Moreover, efforts required from employees may likely change too, forcing employers and employees to make previously unseen trade offs and choices.

Our study of more than 2,000 assessed professionals, shows, more than 20% of individuals require special attention in this new environment. More of the same will not get you there. What works in a stable environment is difficult to fit a radically changed one. 


Even employees and candidates workplace preferences, what they like in the workplace and expect from it, may have altered. Failure to meet those expectations may result in lack of engagement, faltering performance or retention issues. Even more, it may create systemic issues with attracting enough, fast enough of the needed talent to grow or turnaround your company.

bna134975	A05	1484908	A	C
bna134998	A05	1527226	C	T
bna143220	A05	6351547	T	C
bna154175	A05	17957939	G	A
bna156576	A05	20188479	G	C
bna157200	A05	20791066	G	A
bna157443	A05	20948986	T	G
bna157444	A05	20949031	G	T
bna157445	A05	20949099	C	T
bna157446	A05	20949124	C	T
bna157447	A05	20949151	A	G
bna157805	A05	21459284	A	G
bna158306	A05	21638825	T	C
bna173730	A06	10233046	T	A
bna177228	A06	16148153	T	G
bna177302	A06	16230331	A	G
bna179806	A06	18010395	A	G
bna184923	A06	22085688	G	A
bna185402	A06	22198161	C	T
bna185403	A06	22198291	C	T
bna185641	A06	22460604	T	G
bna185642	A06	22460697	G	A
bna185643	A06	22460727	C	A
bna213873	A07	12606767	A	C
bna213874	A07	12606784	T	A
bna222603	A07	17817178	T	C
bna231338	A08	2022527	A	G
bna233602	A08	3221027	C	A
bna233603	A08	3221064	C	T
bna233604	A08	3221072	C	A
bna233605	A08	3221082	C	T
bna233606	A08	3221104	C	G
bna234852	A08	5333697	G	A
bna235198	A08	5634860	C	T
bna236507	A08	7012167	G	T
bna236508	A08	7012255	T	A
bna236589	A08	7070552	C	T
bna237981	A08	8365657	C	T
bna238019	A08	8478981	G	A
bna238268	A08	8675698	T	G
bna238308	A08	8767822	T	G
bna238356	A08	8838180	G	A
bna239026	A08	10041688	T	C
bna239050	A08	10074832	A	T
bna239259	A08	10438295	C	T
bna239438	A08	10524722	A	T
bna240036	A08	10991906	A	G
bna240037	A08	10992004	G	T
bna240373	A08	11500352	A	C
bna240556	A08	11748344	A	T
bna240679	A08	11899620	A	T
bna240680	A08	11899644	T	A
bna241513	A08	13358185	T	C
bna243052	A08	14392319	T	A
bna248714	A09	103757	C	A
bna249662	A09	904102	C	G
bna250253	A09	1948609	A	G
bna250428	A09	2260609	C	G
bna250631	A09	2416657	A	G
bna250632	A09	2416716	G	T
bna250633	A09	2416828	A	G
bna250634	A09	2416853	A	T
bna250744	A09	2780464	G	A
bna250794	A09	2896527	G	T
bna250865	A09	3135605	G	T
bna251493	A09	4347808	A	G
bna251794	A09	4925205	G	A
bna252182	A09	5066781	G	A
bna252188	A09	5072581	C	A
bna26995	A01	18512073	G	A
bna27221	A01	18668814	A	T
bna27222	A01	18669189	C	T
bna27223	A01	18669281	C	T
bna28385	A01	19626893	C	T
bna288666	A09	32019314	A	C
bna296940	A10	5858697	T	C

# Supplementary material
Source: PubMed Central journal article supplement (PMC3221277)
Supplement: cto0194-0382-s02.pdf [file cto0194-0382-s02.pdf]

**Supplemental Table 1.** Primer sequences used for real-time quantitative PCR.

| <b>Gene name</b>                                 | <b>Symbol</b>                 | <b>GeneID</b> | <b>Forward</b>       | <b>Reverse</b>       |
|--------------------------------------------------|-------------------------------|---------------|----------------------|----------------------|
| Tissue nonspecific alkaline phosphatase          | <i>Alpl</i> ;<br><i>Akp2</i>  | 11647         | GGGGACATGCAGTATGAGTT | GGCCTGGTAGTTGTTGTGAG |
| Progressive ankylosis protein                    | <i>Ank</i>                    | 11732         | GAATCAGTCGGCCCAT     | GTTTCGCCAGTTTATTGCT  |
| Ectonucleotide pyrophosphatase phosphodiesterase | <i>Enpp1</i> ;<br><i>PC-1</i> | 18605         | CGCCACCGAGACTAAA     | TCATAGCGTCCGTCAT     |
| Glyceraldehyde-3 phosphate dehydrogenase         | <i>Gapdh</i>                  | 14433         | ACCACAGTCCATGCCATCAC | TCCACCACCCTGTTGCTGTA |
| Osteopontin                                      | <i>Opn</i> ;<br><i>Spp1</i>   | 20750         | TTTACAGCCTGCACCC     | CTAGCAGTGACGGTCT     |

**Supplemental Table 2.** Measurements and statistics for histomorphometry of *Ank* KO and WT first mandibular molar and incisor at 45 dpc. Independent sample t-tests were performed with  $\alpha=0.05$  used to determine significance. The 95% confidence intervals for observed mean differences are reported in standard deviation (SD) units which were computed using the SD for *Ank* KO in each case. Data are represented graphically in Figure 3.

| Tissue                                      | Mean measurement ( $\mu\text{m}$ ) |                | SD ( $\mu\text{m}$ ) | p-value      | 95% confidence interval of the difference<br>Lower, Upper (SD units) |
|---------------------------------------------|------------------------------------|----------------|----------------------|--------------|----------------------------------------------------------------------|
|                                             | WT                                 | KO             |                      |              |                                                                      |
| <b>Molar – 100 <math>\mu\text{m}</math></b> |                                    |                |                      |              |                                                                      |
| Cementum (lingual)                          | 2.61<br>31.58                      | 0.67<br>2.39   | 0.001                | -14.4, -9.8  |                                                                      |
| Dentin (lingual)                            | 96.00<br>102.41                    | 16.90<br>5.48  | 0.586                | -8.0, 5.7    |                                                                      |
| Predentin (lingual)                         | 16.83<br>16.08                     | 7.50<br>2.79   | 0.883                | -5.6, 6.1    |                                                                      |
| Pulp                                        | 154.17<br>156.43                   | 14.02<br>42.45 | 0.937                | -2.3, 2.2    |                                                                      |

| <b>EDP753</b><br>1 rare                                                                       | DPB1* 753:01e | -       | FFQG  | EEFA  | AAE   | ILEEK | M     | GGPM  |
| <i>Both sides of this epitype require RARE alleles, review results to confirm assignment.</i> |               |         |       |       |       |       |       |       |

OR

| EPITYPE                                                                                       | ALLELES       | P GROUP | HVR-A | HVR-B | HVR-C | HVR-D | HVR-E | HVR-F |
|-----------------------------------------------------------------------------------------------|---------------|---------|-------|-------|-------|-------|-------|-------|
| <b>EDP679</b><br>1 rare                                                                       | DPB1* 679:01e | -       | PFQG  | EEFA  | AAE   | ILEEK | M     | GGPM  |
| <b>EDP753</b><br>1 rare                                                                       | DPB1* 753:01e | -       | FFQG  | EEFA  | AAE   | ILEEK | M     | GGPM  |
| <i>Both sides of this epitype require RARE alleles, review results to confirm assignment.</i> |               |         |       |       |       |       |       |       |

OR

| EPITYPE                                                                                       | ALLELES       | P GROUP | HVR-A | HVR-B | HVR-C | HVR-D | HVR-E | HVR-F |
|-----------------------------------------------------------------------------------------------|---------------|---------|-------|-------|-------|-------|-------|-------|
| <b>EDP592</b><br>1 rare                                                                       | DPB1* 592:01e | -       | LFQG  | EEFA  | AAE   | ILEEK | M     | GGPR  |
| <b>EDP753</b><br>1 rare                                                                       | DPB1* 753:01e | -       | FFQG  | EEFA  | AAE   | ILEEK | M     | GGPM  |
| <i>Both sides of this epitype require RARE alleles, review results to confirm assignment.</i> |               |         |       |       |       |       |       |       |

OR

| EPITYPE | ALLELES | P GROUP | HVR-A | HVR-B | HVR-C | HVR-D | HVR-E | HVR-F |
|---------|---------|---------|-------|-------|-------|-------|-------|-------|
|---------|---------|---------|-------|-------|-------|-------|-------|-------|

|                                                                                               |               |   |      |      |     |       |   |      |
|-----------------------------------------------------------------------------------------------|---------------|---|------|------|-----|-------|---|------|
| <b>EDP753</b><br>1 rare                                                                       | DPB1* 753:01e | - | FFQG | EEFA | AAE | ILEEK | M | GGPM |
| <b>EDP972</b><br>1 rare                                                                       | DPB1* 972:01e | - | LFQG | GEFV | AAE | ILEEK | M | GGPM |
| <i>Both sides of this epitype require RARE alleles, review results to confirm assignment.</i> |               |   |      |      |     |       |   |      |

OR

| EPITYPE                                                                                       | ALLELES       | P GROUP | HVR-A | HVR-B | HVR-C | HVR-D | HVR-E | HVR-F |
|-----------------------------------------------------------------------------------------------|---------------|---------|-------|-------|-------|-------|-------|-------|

The impact of all these changes needs to be discussed openly at a leadership team level before action is taken on job specs. This level of strategic alignment is critical yet seldom revisited. In fact, how many times have you and your leadership team discussed what it takes to succeed in your organization? When was the last time you precisely articulated the top three “must have” hardwired capabilities for any associate to succeed in your company? 


This isn’t about discussing the experience and skills profile for a generic, headhunter driven C-suite job spec. We are talking instead of alignment around the DNA needed today to get your company strategy done. A cohesive leadership needs to move together, quickly and efficiently towards the agreed upon direction.